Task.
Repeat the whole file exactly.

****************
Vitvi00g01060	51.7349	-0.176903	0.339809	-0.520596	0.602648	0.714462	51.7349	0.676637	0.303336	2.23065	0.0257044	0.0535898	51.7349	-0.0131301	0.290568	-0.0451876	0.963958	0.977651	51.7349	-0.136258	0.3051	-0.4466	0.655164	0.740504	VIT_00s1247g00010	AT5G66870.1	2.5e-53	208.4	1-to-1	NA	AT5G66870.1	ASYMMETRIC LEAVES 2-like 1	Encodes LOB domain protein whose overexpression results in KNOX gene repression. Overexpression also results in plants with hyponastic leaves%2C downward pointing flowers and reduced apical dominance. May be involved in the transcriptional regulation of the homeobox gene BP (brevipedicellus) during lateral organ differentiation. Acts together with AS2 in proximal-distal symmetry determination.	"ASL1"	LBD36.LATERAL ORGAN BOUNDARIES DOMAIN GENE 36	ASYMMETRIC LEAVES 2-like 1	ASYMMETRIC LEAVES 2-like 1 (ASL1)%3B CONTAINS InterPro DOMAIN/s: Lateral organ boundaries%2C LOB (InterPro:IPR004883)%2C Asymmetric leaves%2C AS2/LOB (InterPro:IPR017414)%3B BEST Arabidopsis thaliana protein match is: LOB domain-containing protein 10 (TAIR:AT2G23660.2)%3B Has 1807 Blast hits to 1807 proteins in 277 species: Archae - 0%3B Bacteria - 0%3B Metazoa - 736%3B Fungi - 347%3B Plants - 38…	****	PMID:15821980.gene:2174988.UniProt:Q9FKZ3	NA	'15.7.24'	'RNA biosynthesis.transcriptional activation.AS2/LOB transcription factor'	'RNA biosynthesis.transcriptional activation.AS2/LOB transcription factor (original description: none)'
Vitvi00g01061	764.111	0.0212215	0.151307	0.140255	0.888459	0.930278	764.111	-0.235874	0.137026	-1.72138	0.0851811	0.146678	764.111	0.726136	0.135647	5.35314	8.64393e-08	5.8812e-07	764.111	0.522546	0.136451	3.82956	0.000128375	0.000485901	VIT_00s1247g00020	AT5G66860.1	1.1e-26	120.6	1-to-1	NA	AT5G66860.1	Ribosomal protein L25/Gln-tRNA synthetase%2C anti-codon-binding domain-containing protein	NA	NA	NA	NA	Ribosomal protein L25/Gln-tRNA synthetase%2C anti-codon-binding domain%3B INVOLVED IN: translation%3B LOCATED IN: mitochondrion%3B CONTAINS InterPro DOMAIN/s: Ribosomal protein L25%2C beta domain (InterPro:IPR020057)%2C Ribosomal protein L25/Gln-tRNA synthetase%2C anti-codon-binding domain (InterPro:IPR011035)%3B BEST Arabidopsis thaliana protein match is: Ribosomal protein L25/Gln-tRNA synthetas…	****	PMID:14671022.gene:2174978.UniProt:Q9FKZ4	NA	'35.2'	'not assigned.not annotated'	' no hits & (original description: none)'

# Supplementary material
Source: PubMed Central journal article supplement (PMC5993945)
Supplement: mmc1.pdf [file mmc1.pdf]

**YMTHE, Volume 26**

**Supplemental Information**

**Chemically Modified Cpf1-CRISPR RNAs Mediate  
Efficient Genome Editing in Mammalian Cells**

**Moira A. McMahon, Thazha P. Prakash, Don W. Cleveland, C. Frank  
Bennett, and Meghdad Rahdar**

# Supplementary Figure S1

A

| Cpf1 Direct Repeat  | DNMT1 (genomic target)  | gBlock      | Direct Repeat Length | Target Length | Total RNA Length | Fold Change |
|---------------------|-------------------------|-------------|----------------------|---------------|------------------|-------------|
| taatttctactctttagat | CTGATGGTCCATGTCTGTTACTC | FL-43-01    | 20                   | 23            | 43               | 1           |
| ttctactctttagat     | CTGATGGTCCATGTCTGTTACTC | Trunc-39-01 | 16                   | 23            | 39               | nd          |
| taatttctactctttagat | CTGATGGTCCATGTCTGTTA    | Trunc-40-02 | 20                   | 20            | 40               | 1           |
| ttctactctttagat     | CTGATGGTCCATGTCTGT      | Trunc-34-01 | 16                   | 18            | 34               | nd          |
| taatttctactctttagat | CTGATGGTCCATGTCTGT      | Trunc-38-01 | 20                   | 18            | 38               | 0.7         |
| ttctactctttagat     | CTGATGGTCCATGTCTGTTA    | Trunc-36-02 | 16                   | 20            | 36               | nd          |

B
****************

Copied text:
Vitvi00g01060	51.7349	-0.176903	0.339809	-0.520596	0.602648	0.714462	51.7349	0.676637	0.303336	2.23065	0.0257044	0.0535898	51.7349	-0.0131301	0.290568	-0.0451876	0.963958	0.977651	51.7349	-0.136258	0.3051	-0.4466	0.655164	0.740504	VIT_00s1247g00010	AT5G66870.1	2.5e-53	208.4	1-to-1	NA	AT5G66870.1	ASYMMETRIC LEAVES 2-like 1	Encodes LOB domain protein whose overexpression results in KNOX gene repression. Overexpression also results in plants with hyponastic leaves%2C downward pointing flowers and reduced apical dominance. May be involved in the transcriptional regulation of the homeobox gene BP (brevipedicellus) during lateral organ differentiation. Acts together with AS2 in proximal-distal symmetry determination.	"ASL1"	LBD36.LATERAL ORGAN BOUNDARIES DOMAIN GENE 36	ASYMMETRIC LEAVES 2-like 1	ASYMMETRIC LEAVES 2-like 1 (ASL1)%3B CONTAINS InterPro DOMAIN/s: Lateral organ boundaries%2C LOB (InterPro:IPR004883)%2C Asymmetric leaves%2C AS2/LOB (InterPro:IPR017414)%3B BEST Arabidopsis thaliana protein match is: LOB domain-containing protein 10 (TAIR:AT2G23660.2)%3B Has 1807 Blast hits to 1807 proteins in 277 species: Archae - 0%3B Bacteria - 0%3B Metazoa - 736%3B Fungi - 347%3B Plants - 38…	****	PMID:15821980.gene:2174988.UniProt:Q9FKZ3	NA	'15.7.24'	'RNA biosynthesis.transcriptional activation.AS2/LOB transcription factor'	'RNA biosynthesis.transcriptional activation.AS2/LOB transcription factor (original description: none)'
Vitvi00g01061	764.111	0.0212215	0.151307	0.140255	0.888459	0.930278	764.111	-0.235874	0.137026	-1.72138	0.0851811	0.146678	764.111	0.726136	0.135647	5.35314	8.64393e-08	5.8812e-07	764.111	0.522546	0.136451	3.82956	0.000128375	0.000485901	VIT_00s1247g00020	AT5G66860.1	1.1e-26	120.6	1-to-1	NA	AT5G66860.1	Ribosomal protein L25/Gln-tRNA synthetase%2C anti-codon-binding domain-containing protein	NA	NA	NA	NA	Ribosomal protein L25/Gln-tRNA synthetase%2C anti-codon-binding domain%3B INVOLVED IN: translation%3B LOCATED IN: mitochondrion%3B CONTAINS InterPro DOMAIN/s: Ribosomal protein L25%2C beta domain (InterPro:IPR020057)%2C Ribosomal protein L25/Gln-tRNA synthetase%2C anti-codon-binding domain (InterPro:IPR011035)%3B BEST Arabidopsis thaliana protein match is: Ribosomal protein L25/Gln-tRNA synthetas…	****	PMID:14671022.gene:2174978.UniProt:Q9FKZ4	NA	'35.2'	'not assigned.not annotated'	' no hits & (original description: none)'

# Supplementary material
Source: PubMed Central journal article supplement (PMC5993945)
Supplement: mmc1.pdf [file mmc1.pdf]

**YMTHE, Volume 26**

**Supplemental Information**

**Chemically Modified Cpf1-CRISPR RNAs Mediate  
Efficient Genome Editing in Mammalian Cells**

**Moira A. McMahon, Thazha P. Prakash, Don W. Cleveland, C. Frank  
Bennett, and Meghdad Rahdar**

# Supplementary Figure S1

A

| Cpf1 Direct Repeat  | DNMT1 (genomic target)  | gBlock      | Direct Repeat Length | Target Length | Total RNA Length | Fold Change |
|---------------------|-------------------------|-------------|----------------------|---------------|------------------|-------------|
| taatttctactctttagat | CTGATGGTCCATGTCTGTTACTC | FL-43-01    | 20                   | 23            | 43               | 1           |
| ttctactctttagat     | CTGATGGTCCATGTCTGTTACTC | Trunc-39-01 | 16                   | 23            | 39               | nd          |
| taatttctactctttagat | CTGATGGTCCATGTCTGTTA    | Trunc-40-02 | 20                   | 20            | 40               | 1           |
| ttctactctttagat     | CTGATGGTCCATGTCTGT      | Trunc-34-01 | 16                   | 18            | 34               | nd          |
| taatttctactctttagat | CTGATGGTCCATGTCTGT      | Trunc-38-01 | 20                   | 18            | 38               | 0.7         |
| ttctactctttagat     | CTGATGGTCCATGTCTGTTA    | Trunc-36-02 | 16                   | 20            | 36               | nd          |

B